Originally the conductor rail was placed between the rails, energised at 500V dc. The power was supplied by a generating station at Bramley-Moore Dock that received its coal directly from the railway above. Special lightweight passenger cars were designed with each having a driving motor car; one bogie was powered with a single 60 horsepower (45 kW) motor. They were placed on the track in the switchback section.
The railway was officially opened on 4 February 1893 by the Leader of the Opposition the Marquis of Salisbury and public services started on 6 March. The railway gained the affectionate nickname of Dockers' Umbrella, as a great proportion was elevated and dockers could walk beneath it as they travelled around the docks.
The line was extended northwards to Seaforth Sands on 30 April 1894. An extension southwards from Herculaneum Dock to Dingle was opened on 21 December 1896. Dingle was the only underground station, the extension from Herculaneum Dock being achieved with a 200 ft (61 m) lattice girder bridge and a half-mile (800 m) tunnel through the sandstone cliff to Park Road.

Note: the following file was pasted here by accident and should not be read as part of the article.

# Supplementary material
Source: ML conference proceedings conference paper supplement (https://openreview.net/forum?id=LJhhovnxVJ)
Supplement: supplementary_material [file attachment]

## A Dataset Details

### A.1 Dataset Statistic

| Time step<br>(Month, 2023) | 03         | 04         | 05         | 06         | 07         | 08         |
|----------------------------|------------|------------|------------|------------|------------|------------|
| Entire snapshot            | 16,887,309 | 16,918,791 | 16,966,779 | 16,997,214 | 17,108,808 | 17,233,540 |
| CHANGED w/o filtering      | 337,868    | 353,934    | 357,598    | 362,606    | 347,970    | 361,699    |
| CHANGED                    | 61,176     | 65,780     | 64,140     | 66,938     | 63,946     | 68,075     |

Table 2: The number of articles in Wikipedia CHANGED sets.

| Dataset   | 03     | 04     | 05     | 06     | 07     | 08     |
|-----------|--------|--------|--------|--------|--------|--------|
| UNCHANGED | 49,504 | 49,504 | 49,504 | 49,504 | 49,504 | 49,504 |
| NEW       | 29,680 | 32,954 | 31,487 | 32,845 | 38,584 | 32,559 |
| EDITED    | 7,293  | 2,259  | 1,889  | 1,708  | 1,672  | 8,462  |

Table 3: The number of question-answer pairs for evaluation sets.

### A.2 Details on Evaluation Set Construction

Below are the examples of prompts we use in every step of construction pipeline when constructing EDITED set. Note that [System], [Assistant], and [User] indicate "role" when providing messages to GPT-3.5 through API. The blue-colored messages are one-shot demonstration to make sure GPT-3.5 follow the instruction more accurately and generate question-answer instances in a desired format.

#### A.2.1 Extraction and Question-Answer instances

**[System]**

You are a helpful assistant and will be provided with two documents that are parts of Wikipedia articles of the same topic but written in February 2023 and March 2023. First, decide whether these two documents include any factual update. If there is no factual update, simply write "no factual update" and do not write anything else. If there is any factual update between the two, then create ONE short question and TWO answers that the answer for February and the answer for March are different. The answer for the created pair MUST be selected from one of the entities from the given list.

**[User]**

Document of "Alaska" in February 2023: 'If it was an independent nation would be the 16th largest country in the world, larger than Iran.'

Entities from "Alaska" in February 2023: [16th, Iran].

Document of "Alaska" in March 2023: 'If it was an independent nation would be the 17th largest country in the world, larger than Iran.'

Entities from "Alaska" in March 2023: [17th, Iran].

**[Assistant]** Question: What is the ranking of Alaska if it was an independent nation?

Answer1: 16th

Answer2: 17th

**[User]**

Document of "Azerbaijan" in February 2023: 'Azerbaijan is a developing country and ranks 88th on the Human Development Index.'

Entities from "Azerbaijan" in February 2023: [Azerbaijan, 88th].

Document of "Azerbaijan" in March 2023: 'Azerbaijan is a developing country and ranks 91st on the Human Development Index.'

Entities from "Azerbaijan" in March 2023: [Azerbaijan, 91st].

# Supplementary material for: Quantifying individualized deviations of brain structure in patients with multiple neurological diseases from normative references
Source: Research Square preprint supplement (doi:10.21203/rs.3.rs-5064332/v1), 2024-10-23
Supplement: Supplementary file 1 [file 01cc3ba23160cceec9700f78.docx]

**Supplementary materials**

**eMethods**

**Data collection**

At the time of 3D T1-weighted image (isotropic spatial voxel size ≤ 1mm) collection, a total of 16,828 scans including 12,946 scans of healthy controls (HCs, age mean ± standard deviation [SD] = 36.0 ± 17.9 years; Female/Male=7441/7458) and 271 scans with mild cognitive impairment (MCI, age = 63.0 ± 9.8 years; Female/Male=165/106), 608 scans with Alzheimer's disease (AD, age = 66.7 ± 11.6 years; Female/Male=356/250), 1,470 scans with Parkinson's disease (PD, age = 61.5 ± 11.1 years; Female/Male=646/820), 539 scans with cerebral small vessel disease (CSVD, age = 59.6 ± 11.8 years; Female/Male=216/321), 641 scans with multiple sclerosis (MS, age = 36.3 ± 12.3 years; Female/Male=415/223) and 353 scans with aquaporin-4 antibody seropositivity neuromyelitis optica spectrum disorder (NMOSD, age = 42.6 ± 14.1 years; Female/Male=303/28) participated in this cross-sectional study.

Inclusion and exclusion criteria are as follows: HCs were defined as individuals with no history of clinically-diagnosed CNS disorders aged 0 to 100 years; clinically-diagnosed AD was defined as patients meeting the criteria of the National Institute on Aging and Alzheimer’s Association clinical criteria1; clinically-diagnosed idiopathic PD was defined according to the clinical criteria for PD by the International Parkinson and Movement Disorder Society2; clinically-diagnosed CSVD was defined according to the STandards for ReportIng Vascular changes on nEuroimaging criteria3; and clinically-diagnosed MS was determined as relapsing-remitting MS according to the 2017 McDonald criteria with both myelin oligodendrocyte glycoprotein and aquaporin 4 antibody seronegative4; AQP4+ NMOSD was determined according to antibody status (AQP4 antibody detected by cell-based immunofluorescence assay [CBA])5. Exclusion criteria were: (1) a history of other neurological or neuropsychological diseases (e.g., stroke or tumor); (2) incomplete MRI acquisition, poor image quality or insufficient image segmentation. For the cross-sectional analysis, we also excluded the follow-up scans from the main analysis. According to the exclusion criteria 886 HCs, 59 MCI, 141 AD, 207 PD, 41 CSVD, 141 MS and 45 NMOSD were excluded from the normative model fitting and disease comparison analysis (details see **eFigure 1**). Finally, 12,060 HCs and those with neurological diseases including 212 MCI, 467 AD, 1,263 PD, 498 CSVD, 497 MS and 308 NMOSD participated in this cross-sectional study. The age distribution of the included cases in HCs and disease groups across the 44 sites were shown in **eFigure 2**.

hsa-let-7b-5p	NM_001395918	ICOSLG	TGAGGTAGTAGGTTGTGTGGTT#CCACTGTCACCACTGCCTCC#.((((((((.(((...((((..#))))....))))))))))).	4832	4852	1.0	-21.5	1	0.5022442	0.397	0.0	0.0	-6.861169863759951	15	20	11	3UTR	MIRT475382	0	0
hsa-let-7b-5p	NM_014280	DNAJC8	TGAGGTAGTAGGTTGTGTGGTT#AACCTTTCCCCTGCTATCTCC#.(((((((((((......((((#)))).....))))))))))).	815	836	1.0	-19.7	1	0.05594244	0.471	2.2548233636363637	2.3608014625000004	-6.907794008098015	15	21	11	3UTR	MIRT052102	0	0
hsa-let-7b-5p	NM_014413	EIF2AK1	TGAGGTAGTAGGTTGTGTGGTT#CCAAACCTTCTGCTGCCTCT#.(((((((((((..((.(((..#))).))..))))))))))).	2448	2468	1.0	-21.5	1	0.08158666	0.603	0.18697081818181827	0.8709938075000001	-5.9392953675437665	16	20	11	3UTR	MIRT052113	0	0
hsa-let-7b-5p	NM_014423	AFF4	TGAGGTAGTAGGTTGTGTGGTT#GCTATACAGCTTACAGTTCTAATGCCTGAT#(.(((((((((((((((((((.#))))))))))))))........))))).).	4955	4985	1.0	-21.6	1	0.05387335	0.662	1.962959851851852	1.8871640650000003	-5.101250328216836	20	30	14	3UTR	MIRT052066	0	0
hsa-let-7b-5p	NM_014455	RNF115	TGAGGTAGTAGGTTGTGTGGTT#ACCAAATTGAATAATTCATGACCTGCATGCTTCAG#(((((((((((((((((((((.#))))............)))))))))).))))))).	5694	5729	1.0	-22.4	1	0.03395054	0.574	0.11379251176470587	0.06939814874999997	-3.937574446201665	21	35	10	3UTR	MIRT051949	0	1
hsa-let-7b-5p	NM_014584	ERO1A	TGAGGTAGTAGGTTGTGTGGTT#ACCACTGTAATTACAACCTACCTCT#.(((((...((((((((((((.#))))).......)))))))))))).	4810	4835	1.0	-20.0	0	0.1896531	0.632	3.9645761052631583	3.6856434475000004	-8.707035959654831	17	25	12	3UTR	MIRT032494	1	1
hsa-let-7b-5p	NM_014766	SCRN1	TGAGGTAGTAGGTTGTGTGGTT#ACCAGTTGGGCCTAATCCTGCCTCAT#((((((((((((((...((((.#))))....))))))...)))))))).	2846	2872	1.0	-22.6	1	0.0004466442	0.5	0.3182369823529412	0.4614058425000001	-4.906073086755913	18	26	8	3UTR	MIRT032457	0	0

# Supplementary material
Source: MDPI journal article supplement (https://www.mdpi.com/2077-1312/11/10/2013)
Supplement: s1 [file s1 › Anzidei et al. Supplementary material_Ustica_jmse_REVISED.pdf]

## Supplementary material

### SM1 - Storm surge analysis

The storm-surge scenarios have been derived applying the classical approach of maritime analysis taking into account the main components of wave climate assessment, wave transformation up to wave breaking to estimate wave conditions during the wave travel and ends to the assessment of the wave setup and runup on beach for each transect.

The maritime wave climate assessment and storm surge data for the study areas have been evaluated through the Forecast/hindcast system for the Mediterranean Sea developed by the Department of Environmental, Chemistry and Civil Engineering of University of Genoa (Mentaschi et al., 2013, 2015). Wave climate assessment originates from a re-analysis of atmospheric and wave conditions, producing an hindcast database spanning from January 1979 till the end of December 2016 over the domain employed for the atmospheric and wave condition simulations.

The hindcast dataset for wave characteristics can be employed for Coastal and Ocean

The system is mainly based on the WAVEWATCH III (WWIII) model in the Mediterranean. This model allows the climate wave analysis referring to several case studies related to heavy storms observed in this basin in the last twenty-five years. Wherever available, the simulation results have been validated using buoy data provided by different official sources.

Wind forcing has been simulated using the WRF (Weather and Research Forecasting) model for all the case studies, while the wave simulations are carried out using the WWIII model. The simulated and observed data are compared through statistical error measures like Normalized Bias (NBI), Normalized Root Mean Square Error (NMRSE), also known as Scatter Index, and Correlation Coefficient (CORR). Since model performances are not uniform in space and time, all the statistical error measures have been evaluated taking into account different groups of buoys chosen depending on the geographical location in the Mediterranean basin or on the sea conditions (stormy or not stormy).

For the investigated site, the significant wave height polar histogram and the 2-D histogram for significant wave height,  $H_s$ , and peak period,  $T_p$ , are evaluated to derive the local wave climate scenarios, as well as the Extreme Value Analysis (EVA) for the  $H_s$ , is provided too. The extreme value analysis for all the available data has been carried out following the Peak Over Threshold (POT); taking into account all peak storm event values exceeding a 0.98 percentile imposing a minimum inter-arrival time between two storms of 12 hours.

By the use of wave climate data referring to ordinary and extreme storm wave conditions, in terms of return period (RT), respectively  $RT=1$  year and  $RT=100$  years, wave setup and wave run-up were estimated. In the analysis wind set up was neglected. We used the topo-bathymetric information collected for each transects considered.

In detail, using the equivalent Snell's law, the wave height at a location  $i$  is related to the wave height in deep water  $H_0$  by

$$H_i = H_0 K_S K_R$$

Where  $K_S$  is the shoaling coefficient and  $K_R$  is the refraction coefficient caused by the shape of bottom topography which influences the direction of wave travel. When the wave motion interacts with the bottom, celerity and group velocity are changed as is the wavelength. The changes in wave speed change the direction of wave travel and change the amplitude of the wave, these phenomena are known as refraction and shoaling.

In 1902 newer and more powerful electric motors were fitted to the trains in order to reduce service times in order to keep up with the competition from trams. In the early 20th century the Lancashire and Yorkshire Railway L&YR was electrifying its routes out of Liverpool Exchange. A connection was built from the L&YR Seaforth & Litherland station to a new station beside Seaforth Sands. From 2 July 1905 LOR trains began to run through to Seaforth & Litherland. To allow the though running of LY&R trains the conductor rail was moved to outside the running rails, the centre rail becoming the earth return until the 1920s. The L&YR built some special lightweight electric stock and from 1906 began running services from Dingle to Southport and Aintree. Regular services to Aintree were withdrawn in 1908, and after this special trains ran only twice a year, on Jump Sunday and the following Friday for the Grand National, both held at Aintree Racecourse. Through services from Dingle to Southport were withdrawn in 1914.
During World War II, the railway suffered extensively from bomb damage. As a purely local undertaking, it was not nationalised in 1948 with the rest of the British railway system. In the late 1940s and early 1950s, the company started to modernise some of the carriages, incorporating sliding doors. The line continued to carry large numbers of passengers, especially dock workers.